THE ONE STOP CENTER
At Tuesday nights' Commission meeting a number of people acknowledged - some from the podium and some from the audience - that the commission was being presented with nine bad choices, and that the only choice that makes sense at all is St. Francis House, despite insufficient room for expansion, because a One-Stop Center needs to be downtown. That being said, something is better than nothing. After giving a tent to a young woman with severe anorexia, and a blanket to an old woman who needed something to lie on (I had no tent for her), something IS better than nothing, at least for the most vulnerable portion of the homeless community. Many homeless people will not choose to go to a sort of internment camp on the far fringes of Gainesville.
The commission, led by the Mayor, also recognizes that a remote One-Stop Center needs to include housing. The city and many homeless advocates as well have been worn down by years of battling NIMBYS with their threats of lawsuits. So we are embarking on an attempt to make a bad choice work.
It's all about making homeless people invisible.
It is going to take a long time to realize this plan. In the meantime, St. Francis House may be given additional funding and serve as an interim One-Stop Center.
As this plan evolves, we are going to need to fight for transportation that is free, frequent and convenient. Many of our homeless people are elderly and disabled. Walking a mile or more to a busstop would be a cruel burden to place upon them.
We also need to be vigilant that life-sustaining services downtown not be brought to an end if and when this new facility opens. That would constitute an attempt to starve our homeless citizens into submission. We have embarked on a slippery slope, morally speaking - one that could easily lead to a sort of homeless jail out on the fringes of town, and it will take great vigilance on our part to make sure that doesn't happen.
Up to this point, St. Vincent de Paul has had two food pantries, one for homeless people and one for families. Due in part to the terrible increase in food emergencies, I am no longer running an open food pantry for homeless people. (To be honest, four-hour food lines at my pantry was also wearing me out - I haven't been a spring chicken for quite awhile). I am gathering food for the most elderly and vulnerable of my food pantry customers, who have been told individually that they can come for food. I am also stockpiling food for the folks who are referred to me by United Way 211. Since we have no rules and no waiting lists, life-and-death food emergencies are referred to us (e.g., an elderly woman with diabetes who has no food in the house). I also hope to be taking more poptop cans on the van, for when we run out of regular food. So you good elves who bring food to Home Van Central are still needed, now more than ever. Any excess food I receive will go to our family food pantry.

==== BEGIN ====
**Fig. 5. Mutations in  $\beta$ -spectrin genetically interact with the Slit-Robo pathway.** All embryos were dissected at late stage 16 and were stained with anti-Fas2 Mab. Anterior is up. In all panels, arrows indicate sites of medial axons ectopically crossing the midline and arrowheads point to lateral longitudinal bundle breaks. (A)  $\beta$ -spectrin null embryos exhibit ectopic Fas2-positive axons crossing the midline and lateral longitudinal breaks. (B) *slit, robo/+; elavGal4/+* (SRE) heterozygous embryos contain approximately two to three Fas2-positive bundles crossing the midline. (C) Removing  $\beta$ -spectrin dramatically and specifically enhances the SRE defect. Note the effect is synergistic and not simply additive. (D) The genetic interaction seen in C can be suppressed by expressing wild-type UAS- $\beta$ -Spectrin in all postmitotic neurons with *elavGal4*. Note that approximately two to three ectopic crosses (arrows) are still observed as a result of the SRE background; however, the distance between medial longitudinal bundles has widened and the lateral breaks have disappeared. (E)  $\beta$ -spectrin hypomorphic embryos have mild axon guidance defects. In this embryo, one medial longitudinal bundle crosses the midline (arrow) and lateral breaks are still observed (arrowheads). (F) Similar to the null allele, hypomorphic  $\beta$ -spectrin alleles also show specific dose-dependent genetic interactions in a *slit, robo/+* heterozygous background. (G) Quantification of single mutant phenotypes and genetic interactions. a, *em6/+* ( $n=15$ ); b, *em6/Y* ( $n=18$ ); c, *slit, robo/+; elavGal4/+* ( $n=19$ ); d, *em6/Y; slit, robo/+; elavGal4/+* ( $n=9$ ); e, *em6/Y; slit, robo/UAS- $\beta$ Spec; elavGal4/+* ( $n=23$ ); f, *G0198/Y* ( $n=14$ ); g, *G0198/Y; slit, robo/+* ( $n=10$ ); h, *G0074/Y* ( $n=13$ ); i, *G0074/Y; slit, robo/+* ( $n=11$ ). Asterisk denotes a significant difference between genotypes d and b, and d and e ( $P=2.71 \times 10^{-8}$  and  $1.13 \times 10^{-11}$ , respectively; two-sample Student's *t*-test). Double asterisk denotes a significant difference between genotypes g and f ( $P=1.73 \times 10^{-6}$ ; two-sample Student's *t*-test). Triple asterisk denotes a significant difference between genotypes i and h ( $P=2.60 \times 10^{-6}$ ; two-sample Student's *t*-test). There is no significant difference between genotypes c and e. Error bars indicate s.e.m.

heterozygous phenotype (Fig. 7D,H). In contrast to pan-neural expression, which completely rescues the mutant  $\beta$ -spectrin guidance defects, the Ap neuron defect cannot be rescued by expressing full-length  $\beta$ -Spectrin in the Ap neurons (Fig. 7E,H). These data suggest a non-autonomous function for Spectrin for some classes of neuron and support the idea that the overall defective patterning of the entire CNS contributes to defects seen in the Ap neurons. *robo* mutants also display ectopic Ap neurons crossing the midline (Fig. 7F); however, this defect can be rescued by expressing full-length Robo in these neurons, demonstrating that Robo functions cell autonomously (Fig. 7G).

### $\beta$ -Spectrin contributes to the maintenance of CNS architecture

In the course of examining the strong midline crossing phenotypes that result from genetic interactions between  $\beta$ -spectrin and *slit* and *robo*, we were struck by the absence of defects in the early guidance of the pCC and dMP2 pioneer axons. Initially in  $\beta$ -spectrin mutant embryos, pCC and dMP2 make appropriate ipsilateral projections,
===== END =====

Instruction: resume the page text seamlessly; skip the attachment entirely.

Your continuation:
One of our readers asked for more information about the Iraq veterans we are seeing. I don't know how many we are seeing. Except during the Point-In-Time Survey, we never ask people why they are homeless, or any other personal questions. The first Iraq veteran we saw, a year or two ago, was very young and extremely angry. He didn't attack anyone, but he did take his guitar off his backpack and pound it on the sidewalk. I've never seen him again and don't know what happened to him. Another young Iraq veteran was homeless because his family had taken out a restraining order against him, because he was doing them violence. Domestic violence by veterans with severe PTSD is one cause of homelessness among returning soldiers. This young man took full responsibility for what he had done. He knew he couldn't go home until he had gotten treatment. He did take every opportunity to work and gather money for his children. He also bought a bicycle at a garage sale and fixed it up for his son's 12th birthday. And he donated money and bicycles to the Home Van. He has moved on now, to seek better employment opportunities elsewhere.
Julie is a young woman veteran from Iraq. While she was over there, her father, her only surviving parent, died. She came home from Iraq with severe PTSD and nowhere to go. She is living in a tent with two other veterans, both older and with worse medical problems. She takes care of them and brings them food. She is on various waiting lists to get help for herself.
The last time she was here she noticed I have a small electric piano. She said, "Oh, please can I play it! I have been dreaming about being able to play a piano again! Please!" She went over to my little piano and started playing classical music, beautifully, and then segued into a beautiful improvisation she created herself, one that included a mysterious, ominous, relentless beating of drums.
I think it was Ghandi who said, "Be the change you want to see in the world." What better advice is there, for these dark times?
The Home Van needs peanut butter, jelly, Vienna sausages, white tube socks, bugspray, bottled water and tents. Call 372-4825 to arrange for drop-offs. Financial donations to the Home Van are tax deductible. Checks should be made out to St. Vincent de Paul, earmarked for the Home Van, and mailed to 307 SE 6th Street, Gainesville, FL 32601